Uppsala University, Disciplinary Domain of Science and Technology, Chemistry, Department of Materials Chemistry, Polymer Chemistry.
    The Effect of Mixing on the Mechanical Properties of Hyaluronan-Based Injectable Hydrogels2011In: Macromolecular materials and engineering (Print), ISSN 1438-7492, E-ISSN 1439-2054, Vol. 296, no 10, p. 944-951Article in journal (Refereed)
    Abstract [en]

    A method for determining the correlation between the mixing of two reactive polymers and the structural and mechanical properties of the formed hydrogels is presented. Rheological measurements show that insufficient mixing gives rise to soft and not fully crosslinked hydrogels while excessive mixing beyond gel point results in weaker hydrogels due to potential breakage of their 3D network. Furthermore, the hydrogels swell significantly more in cell culture medium than in phosphate-buffered saline, attributed to interactions with additional molecules such as proteins. Thus, moderate mixing gives rise to the most homogenous and mechanically stable hydrogels and the choice of medium e.g., for release experiments, should be consistent in order to avoid unnecessary variations in the data caused by different swelling profiles.

  • 9.
    Stenfelt, Sonya
    et al.
    Uppsala University, Disciplinary Domain of Medicine and Pharmacy, Faculty of Medicine, Department of Neuroscience, Developmental Neuroscience.
    Blixt, Maria K. E.
    Uppsala University, Disciplinary Domain of Medicine and Pharmacy, Faculty of Medicine, Department of Neuroscience.
    All-Ericsson, Charlotta
    S T Eriks Ogonsjukhus, Karolinska Inst, Stockholm, Sweden..
    Hallböök, Finn
    Uppsala University, Disciplinary Domain of Medicine and Pharmacy, Faculty of Medicine, Department of Neuroscience, Developmental Neuroscience.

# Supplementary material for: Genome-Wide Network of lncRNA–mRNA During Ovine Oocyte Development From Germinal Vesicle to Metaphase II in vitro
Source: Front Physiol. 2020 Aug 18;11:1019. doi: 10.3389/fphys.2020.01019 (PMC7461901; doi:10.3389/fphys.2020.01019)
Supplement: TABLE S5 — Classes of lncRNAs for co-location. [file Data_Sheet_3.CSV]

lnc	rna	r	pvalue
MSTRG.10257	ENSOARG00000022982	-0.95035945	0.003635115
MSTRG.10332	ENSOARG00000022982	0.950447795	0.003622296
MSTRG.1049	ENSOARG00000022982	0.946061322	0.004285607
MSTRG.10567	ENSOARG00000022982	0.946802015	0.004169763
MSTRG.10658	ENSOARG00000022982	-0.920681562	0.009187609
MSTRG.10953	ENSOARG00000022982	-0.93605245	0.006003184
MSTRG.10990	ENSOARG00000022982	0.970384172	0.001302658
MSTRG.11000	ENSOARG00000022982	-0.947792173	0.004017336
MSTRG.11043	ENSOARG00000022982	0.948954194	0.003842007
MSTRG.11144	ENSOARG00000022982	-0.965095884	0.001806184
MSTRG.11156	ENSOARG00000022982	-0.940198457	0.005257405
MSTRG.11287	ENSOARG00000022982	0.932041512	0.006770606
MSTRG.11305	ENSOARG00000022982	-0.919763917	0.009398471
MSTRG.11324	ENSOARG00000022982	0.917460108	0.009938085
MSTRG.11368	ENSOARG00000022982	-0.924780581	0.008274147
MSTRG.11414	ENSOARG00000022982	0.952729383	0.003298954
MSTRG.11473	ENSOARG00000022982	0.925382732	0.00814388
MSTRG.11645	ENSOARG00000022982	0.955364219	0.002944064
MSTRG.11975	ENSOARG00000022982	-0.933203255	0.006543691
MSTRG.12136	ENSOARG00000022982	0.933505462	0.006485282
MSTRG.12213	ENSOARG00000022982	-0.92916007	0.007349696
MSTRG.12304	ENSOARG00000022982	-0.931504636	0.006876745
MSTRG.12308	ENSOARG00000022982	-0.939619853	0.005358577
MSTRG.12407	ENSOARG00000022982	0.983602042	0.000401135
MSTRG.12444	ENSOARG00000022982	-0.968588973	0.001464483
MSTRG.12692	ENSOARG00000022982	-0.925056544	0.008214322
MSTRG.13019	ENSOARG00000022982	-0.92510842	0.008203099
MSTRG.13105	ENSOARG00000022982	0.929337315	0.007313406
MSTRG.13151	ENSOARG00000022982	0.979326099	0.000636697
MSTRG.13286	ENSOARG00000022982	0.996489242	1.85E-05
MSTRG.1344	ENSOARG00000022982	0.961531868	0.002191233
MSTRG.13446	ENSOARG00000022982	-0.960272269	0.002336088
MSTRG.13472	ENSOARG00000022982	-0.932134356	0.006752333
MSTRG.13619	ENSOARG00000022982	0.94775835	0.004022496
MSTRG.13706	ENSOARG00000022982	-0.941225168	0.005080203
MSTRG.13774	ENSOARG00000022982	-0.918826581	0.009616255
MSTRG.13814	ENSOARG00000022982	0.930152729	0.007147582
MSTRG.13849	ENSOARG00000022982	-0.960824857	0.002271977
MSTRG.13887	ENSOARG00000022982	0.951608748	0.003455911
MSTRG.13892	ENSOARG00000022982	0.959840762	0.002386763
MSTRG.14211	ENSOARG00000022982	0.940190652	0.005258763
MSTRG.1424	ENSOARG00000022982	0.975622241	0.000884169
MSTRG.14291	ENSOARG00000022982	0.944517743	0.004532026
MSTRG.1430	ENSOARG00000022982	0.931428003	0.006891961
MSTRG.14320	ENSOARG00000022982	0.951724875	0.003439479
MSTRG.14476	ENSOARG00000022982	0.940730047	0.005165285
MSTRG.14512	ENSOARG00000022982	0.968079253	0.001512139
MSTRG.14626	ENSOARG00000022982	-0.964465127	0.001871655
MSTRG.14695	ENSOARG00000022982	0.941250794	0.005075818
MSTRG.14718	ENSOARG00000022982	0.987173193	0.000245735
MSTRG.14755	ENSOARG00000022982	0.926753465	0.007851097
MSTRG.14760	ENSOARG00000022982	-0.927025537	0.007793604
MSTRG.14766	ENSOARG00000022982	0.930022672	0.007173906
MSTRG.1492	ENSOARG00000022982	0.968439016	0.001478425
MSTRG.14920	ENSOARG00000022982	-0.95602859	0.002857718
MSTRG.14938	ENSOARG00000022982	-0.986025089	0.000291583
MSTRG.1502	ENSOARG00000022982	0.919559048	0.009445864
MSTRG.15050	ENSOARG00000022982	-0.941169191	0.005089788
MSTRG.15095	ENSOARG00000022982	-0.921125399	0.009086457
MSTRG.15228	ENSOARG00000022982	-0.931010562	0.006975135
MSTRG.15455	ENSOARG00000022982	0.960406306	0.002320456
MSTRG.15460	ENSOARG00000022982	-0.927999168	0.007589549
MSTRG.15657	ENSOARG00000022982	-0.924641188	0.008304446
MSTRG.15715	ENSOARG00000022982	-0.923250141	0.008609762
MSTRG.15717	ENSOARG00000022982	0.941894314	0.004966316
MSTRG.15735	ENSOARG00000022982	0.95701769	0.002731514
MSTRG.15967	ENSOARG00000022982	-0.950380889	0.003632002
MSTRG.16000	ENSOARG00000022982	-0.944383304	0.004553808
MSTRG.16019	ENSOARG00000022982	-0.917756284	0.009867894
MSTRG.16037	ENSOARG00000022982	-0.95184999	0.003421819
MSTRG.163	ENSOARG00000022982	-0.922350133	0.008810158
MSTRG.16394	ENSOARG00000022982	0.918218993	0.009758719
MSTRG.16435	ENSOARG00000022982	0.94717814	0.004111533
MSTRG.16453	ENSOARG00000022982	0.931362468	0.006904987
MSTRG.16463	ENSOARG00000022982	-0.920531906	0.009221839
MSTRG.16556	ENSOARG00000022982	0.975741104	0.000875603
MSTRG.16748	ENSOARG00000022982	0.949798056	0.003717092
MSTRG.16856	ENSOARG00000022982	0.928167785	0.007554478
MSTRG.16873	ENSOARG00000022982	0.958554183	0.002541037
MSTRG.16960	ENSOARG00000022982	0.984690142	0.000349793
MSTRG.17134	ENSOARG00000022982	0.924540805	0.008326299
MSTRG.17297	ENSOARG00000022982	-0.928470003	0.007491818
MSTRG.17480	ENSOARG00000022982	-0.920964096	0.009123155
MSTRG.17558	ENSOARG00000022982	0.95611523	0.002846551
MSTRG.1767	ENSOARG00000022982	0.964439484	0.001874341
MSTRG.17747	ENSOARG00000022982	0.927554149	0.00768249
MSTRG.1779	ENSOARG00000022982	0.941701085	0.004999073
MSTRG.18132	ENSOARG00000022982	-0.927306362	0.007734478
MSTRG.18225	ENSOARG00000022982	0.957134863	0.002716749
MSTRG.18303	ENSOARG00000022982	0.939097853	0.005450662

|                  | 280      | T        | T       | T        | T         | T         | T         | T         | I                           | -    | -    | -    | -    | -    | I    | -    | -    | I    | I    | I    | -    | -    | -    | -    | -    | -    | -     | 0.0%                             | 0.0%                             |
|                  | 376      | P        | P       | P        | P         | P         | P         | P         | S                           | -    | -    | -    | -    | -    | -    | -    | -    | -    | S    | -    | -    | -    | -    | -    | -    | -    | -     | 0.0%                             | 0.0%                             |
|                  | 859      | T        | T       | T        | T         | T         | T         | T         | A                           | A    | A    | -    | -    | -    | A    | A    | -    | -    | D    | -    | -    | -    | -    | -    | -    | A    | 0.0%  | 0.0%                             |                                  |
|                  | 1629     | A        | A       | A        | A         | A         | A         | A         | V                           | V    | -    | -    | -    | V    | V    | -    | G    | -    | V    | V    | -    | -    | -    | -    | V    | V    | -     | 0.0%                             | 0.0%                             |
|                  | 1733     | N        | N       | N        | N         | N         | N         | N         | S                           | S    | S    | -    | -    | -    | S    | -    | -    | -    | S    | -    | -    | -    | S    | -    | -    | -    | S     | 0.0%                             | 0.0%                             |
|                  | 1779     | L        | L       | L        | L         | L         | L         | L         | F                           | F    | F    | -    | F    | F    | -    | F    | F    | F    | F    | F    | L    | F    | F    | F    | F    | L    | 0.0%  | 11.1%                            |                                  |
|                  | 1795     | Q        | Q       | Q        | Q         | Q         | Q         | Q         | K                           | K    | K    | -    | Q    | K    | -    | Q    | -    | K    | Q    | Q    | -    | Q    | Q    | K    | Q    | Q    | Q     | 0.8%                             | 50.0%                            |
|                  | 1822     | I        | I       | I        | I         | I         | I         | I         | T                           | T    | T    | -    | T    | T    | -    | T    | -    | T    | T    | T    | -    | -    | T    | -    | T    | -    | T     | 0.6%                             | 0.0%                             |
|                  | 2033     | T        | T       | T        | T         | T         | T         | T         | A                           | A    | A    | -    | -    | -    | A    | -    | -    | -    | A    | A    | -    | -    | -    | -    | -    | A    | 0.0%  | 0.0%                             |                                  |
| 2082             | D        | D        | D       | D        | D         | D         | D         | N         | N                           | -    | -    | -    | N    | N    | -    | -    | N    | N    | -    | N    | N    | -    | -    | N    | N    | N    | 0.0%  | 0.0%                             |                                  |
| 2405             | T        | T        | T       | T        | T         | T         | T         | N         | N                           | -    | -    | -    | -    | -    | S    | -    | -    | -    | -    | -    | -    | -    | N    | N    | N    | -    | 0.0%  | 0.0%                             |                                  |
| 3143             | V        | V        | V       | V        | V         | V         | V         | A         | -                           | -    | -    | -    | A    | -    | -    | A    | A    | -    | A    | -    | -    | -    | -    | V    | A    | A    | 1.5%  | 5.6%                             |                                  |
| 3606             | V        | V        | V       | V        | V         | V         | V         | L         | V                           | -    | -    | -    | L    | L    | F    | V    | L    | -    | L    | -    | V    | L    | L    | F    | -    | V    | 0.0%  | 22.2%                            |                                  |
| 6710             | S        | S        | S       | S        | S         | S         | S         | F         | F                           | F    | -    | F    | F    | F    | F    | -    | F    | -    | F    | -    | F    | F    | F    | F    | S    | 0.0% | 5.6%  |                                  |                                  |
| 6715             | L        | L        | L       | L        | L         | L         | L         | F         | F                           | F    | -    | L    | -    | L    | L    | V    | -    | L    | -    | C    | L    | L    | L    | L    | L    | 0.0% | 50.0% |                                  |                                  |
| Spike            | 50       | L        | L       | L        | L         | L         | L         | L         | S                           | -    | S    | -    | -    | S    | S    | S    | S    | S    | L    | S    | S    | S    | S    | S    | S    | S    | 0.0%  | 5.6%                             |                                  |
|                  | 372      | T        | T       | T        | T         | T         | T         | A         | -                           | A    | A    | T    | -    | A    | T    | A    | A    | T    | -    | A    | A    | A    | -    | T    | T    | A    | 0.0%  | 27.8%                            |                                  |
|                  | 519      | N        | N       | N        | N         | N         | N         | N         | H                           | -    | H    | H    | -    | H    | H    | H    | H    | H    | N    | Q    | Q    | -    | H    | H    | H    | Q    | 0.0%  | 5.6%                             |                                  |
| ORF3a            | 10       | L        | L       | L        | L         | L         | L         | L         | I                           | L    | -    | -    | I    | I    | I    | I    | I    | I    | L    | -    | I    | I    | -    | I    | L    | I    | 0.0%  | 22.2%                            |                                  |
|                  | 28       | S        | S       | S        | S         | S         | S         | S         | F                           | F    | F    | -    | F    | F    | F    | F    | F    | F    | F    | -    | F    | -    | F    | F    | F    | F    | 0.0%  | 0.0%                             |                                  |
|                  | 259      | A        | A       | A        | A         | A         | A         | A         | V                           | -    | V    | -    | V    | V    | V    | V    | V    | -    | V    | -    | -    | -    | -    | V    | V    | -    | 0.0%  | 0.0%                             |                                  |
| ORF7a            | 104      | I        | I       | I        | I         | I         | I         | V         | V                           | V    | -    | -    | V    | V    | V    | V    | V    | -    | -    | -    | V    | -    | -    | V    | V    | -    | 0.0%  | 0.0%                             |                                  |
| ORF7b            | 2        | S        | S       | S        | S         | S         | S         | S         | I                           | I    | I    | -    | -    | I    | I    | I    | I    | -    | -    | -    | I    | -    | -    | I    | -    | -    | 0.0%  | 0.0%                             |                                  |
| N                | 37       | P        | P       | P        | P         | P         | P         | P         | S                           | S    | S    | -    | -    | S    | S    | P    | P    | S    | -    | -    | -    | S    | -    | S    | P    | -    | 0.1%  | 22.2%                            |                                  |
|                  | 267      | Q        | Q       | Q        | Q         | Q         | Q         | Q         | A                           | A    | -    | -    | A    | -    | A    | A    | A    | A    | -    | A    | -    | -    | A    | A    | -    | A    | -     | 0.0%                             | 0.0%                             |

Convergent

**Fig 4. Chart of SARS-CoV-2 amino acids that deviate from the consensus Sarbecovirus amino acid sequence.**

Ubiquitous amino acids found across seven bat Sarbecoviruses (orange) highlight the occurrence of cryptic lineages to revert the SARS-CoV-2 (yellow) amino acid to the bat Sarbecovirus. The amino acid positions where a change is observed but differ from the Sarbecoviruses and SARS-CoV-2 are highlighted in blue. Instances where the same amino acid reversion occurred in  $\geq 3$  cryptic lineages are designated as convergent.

Boije, Henrik
    Uppsala University, Disciplinary Domain of Medicine and Pharmacy, Faculty of Medicine, Department of Neuroscience, Developmental Neuroscience.
    Heterogeneity in retinoblastoma: a tale of molecules and models2017In: CLINICAL AND TRANSLATIONAL MEDICINE, ISSN 2001-1326, Vol. 6, article id 42Article, review/survey (Refereed)
    Abstract [en]

    Retinoblastoma, an intraocular pediatric cancer, develops in the embryonic retina following biallelic loss of RB1. However, there is a wide range of genetic and epigenetic changes that can affect RB1 resulting in different clinical outcomes. In addition, other transformations, such as MYCN amplification, generate particularly aggressive tumors, which may or may not be RB1 independent. Recognizing the cellular characteristics required for tumor development, by identifying the elusive cell-of-origin for retinoblastoma, would help us understand the development of these tumors. In this review we summarize the heterogeneity reported in retinoblastoma on a molecular, cellular and tissue level. We also discuss the challenging heterogeneity in current retinoblastoma models and suggest future platforms that could contribute to improved understanding of tumor initiation, progression and metastasis in retinoblastoma, which may ultimately lead to more patient-specific treatments.

1 - 9 of 9